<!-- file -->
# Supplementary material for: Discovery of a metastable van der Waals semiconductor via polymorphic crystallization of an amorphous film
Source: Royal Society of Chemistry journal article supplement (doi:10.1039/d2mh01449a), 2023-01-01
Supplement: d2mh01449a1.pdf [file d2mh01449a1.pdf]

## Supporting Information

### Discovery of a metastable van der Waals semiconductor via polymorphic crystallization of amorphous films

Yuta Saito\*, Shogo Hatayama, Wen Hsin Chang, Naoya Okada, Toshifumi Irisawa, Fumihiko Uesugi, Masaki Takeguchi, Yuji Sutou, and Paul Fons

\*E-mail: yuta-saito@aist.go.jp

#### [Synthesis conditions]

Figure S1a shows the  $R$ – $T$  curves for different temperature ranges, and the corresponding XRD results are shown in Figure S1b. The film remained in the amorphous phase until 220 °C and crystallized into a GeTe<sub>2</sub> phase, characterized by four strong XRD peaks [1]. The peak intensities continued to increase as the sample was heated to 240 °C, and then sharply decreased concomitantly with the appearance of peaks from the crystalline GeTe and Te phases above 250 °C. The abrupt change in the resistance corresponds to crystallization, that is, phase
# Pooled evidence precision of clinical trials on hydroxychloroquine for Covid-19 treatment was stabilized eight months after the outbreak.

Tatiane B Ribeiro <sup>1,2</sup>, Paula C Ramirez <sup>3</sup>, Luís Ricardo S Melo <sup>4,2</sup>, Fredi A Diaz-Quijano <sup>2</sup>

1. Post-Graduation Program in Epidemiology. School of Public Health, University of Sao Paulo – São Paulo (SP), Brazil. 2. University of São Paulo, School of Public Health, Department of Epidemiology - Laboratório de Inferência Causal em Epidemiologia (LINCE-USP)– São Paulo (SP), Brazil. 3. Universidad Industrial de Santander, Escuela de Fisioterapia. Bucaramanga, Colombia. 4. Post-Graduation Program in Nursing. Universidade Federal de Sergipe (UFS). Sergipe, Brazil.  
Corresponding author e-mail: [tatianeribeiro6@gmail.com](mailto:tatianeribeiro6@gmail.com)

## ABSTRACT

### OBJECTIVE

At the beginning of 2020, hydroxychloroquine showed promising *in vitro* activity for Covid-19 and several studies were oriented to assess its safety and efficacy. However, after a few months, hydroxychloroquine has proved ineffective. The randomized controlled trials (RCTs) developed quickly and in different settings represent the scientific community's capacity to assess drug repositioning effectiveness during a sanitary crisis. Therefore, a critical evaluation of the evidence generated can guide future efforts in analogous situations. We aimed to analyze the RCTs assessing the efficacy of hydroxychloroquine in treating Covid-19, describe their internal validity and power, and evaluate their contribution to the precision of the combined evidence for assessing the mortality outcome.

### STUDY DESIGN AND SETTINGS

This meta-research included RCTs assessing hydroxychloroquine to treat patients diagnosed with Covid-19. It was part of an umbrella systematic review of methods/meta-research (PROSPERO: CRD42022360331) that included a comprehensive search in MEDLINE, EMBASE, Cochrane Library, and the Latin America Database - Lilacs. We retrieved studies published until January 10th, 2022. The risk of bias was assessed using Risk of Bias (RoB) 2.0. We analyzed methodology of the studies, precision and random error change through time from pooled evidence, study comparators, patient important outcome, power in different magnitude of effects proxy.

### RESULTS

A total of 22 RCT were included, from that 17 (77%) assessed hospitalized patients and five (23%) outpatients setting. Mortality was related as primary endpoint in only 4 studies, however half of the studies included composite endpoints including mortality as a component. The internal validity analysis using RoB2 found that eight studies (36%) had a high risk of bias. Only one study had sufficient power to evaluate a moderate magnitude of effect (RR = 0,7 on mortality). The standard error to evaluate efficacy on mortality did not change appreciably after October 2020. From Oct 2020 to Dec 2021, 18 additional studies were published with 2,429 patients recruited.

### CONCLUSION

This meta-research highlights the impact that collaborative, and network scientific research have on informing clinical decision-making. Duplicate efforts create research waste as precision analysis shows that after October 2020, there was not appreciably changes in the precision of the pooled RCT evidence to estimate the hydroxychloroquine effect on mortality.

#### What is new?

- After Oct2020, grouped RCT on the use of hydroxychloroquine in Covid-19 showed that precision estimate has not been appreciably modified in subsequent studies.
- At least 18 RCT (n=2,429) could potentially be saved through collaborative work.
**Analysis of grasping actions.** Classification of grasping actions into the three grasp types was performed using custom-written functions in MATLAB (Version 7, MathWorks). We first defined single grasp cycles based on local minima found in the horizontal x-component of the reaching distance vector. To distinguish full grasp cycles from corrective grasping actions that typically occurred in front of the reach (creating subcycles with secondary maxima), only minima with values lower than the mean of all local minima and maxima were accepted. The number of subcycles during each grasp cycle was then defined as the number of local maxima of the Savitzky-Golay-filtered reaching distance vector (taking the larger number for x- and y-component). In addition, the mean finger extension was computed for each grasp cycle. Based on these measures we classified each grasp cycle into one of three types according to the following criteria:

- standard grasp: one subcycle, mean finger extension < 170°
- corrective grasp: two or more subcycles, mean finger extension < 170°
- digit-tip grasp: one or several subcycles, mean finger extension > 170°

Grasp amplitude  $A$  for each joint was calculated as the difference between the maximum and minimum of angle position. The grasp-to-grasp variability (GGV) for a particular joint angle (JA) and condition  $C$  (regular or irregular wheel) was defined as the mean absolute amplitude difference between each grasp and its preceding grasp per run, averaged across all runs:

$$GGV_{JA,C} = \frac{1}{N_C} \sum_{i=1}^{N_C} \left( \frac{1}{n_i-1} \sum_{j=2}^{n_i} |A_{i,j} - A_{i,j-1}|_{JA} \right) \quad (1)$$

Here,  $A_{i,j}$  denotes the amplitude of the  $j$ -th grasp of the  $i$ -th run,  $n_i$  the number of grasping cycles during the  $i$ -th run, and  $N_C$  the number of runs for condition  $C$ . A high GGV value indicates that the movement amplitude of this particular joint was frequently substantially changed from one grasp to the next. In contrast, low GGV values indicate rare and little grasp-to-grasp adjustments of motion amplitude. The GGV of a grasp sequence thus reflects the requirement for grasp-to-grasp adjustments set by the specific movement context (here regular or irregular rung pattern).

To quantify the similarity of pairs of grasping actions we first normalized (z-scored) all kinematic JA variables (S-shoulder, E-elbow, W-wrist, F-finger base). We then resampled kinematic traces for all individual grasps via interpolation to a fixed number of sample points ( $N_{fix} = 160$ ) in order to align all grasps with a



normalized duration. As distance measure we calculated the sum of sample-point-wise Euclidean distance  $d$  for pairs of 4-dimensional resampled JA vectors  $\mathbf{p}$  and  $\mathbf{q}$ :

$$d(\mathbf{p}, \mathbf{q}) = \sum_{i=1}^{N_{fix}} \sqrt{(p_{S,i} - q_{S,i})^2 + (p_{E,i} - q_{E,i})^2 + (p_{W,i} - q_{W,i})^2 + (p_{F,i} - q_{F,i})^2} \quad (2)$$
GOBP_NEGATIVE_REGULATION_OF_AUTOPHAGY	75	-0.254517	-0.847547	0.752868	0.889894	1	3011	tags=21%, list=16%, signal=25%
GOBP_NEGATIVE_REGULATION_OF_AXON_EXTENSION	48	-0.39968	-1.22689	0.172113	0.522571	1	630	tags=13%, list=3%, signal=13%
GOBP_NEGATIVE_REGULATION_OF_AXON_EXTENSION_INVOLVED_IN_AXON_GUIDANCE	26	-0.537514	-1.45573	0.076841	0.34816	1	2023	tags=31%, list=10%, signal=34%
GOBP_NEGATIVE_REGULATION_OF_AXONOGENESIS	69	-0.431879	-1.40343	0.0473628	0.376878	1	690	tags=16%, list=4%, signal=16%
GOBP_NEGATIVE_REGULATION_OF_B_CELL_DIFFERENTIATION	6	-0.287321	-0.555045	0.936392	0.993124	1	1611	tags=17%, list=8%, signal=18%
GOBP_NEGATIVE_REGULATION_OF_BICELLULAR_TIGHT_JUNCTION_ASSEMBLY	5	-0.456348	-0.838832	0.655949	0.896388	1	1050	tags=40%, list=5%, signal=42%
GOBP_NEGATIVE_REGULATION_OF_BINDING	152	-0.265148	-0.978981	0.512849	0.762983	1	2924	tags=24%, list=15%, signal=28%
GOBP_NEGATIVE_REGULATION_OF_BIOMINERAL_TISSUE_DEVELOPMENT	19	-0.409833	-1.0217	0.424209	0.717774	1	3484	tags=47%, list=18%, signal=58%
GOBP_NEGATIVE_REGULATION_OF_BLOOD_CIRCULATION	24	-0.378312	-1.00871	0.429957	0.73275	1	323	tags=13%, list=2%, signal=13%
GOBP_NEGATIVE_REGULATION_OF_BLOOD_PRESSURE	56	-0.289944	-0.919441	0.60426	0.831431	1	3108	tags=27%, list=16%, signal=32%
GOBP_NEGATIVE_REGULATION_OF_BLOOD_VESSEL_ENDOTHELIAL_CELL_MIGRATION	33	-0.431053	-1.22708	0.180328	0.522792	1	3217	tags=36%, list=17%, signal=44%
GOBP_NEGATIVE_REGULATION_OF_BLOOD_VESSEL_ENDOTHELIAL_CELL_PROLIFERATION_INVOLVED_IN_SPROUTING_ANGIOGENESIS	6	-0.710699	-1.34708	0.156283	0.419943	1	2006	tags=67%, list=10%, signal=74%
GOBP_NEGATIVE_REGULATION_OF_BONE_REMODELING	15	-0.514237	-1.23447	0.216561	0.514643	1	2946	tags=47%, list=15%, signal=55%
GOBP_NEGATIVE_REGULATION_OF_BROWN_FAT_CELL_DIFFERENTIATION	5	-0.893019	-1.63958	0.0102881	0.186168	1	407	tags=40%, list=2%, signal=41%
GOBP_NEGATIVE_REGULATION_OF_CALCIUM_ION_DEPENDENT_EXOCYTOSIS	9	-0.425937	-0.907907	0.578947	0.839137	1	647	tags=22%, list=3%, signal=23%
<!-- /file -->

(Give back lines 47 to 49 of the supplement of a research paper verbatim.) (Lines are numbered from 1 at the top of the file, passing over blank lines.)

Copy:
GOBP_NEGATIVE_REGULATION_OF_BLOOD_VESSEL_ENDOTHELIAL_CELL_PROLIFERATION_INVOLVED_IN_SPROUTING_ANGIOGENESIS	6	-0.710699	-1.34708	0.156283	0.419943	1	2006	tags=67%, list=10%, signal=74%
GOBP_NEGATIVE_REGULATION_OF_BONE_REMODELING	15	-0.514237	-1.23447	0.216561	0.514643	1	2946	tags=47%, list=15%, signal=55%
GOBP_NEGATIVE_REGULATION_OF_BROWN_FAT_CELL_DIFFERENTIATION	5	-0.893019	-1.63958	0.0102881	0.186168	1	407	tags=40%, list=2%, signal=41%